Jamie was nine when his parents died, and Angus Macnair had become his guardian, for he was the boy's only close relative. It was Angus who had picked the boarding school in Toronto, and it was a good one too, for Angus wanted only the best for his nephew. For seven years Angus had run his trap line with furious energy in order to meet the cost of the school. But in the past two years the fur market had dropped almost out of sight, and the money was nearly at an end.

    Angus had explained it in his letter.

    "And so you see, Jamie," he wrote. "I can no longer keep you at the school. You could maybe stay on in Toronto and get a job, but you're too young for that, and anyhow I hoped you'd rather come with me. It's long past time we got to know each other. So I took the chance you'd want it this way. Your ticket is in the envelope along with enough money for the trip. And I'll be waiting, lad, and hoping that you'll come."

    Angus need have had no doubts. For years past Jamie had loved to read about the north and for years Angus Macnair had been his idol.

    In the last week of June, Jamie found himself bundled aboard the Trans-Canada train with the farewells of his school friends still ringing in his ears. For two days the train rolled westward, then it turned abruptly north through the province of Manitoba. The dark jack-pine forests began to swallow up the prairie farmlands and the train rolled on, more slowly now, over the rough roadbed leading to the frontier country.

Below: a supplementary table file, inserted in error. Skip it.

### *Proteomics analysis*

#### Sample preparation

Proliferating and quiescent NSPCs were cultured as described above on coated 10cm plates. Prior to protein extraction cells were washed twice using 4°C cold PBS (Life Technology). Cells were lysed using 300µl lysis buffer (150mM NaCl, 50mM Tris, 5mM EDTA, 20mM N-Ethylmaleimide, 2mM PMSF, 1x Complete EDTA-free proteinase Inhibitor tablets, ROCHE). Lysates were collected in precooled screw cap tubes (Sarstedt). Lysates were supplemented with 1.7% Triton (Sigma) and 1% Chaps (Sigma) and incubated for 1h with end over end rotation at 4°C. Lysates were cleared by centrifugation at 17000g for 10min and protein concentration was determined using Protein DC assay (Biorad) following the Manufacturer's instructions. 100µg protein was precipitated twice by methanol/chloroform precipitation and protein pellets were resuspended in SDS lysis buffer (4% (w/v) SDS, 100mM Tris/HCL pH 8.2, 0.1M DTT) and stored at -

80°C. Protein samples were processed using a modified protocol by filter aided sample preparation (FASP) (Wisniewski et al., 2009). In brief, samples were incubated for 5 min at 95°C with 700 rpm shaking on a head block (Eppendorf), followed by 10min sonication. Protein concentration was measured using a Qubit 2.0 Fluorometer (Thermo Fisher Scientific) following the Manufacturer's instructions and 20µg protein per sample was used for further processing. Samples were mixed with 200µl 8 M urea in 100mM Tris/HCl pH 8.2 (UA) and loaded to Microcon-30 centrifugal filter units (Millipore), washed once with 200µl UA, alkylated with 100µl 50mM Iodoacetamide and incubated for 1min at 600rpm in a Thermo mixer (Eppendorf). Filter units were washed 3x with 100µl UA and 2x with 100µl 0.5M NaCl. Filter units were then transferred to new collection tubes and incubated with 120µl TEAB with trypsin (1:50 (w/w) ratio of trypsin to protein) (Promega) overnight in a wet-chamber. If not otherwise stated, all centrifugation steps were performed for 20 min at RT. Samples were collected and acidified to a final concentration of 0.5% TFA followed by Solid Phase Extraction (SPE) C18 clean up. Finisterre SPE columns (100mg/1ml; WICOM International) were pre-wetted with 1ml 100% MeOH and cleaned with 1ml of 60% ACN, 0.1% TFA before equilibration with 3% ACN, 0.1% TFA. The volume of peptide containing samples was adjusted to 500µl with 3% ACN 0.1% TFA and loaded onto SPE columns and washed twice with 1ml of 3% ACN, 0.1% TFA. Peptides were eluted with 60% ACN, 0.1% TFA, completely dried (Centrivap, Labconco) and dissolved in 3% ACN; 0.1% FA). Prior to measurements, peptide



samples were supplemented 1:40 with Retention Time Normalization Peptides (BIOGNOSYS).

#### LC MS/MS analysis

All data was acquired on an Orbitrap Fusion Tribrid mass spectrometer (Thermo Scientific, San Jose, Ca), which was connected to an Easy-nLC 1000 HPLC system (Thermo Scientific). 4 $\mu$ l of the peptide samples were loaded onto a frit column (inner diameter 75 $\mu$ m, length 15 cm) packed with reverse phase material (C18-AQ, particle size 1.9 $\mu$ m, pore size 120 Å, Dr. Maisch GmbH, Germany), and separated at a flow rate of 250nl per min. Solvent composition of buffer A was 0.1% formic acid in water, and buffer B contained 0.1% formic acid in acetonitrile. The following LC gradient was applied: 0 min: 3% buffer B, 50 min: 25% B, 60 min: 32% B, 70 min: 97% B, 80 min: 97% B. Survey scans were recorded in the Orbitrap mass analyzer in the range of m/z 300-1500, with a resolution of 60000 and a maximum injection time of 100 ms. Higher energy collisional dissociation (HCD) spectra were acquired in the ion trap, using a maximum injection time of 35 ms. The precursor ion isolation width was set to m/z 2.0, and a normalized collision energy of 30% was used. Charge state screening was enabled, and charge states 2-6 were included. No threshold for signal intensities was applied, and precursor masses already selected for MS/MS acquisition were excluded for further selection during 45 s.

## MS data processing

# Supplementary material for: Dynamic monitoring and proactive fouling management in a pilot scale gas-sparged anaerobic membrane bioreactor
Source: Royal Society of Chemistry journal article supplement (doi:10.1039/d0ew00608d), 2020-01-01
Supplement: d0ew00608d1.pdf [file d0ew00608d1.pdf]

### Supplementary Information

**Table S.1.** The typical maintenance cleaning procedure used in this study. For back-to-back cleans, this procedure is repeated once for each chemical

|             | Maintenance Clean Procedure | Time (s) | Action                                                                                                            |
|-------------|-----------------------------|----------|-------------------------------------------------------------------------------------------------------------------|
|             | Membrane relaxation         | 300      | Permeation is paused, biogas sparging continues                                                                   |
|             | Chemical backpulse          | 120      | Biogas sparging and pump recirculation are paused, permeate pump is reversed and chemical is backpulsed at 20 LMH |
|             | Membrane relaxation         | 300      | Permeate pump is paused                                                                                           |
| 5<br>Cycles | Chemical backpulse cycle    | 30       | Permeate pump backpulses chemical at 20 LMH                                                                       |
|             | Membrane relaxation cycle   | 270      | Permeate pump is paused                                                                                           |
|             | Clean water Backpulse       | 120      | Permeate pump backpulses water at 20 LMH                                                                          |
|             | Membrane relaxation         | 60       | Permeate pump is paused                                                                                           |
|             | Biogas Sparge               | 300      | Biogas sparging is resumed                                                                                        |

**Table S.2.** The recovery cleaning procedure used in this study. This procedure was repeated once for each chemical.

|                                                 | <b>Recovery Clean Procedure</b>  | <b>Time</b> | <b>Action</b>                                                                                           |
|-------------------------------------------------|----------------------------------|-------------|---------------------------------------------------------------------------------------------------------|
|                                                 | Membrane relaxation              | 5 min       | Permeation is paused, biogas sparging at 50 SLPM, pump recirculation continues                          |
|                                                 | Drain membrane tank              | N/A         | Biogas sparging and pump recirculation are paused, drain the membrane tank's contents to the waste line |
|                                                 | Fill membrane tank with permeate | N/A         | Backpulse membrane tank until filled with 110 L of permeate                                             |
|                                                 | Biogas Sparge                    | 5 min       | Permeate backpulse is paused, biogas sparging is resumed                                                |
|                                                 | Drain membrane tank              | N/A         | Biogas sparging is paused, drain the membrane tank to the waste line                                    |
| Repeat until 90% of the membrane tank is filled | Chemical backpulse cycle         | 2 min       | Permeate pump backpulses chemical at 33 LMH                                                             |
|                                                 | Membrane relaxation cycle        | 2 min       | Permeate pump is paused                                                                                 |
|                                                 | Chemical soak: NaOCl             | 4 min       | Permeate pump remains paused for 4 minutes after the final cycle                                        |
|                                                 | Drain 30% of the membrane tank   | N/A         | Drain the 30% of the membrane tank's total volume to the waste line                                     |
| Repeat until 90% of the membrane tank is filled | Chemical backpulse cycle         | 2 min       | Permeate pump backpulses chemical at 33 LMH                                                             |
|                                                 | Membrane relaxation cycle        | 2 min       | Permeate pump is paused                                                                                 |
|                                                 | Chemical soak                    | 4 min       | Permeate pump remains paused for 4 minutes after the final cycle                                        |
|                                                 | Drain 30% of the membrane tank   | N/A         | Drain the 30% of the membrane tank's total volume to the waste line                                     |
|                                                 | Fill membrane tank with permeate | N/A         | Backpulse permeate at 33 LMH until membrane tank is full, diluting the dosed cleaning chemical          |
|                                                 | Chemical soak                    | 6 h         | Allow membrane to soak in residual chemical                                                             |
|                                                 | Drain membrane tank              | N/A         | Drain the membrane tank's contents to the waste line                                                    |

Five hundred miles and two days north from Winnipeg, the train drew up by a rough wooden platform. Jamie climbed uncertainly down to stand staring at the rough shanties and the nearby forests that threatened to sweep in and engulf the little settlement of The Pas.

    A huge, red-bearded man in a buckskin jacket strode forward and caught the boy hard about the shoulders in a bear hug.

    "Do ye not know me, Jamie?" he cried. And then, grinning at Jamie's stammering reply, he tightened his hold on the boy's shoulder and swung him round.

    "You've come to meet the north, my lad," he said, "and I'm thinking you'll be in love with it before the month is out."

    Angus...

About the Author-

  • Farley Mowat was born in Belleville, Ontario, in 1921, and grew up in Belleville, Trenton, Windsor, Saskatoon, Toronto, and Richmond Hill. He served in World War II from 1940 until 1945, entering the army as a private and emerging with the rank of captain. He began writing for his living in 1949 after spending two years in the Arctic. Since 1949 he has lived in or visited almost every part of Canada and many other lands, including the distant regions of Siberia. He remains an inveterate traveller with a passion for remote places and peoples. He has twenty-five books to his name, which have been published in translations in over twenty languages in more than sixty countries. They include such internationally known works as People of the Deer, The Dog Who Wouldn't Be, Never Cry Wolf, Westviking, The Boat That Wouldn't Float, Sibir, A Whale for the Killing, The Snow Walker, And No Birds Sang, and Virunga: The Passion of Dian Fossey. His short stories and articles have appeared in The Saturday Evening Post, Maclean's, Atlantic Monthly and other magazines.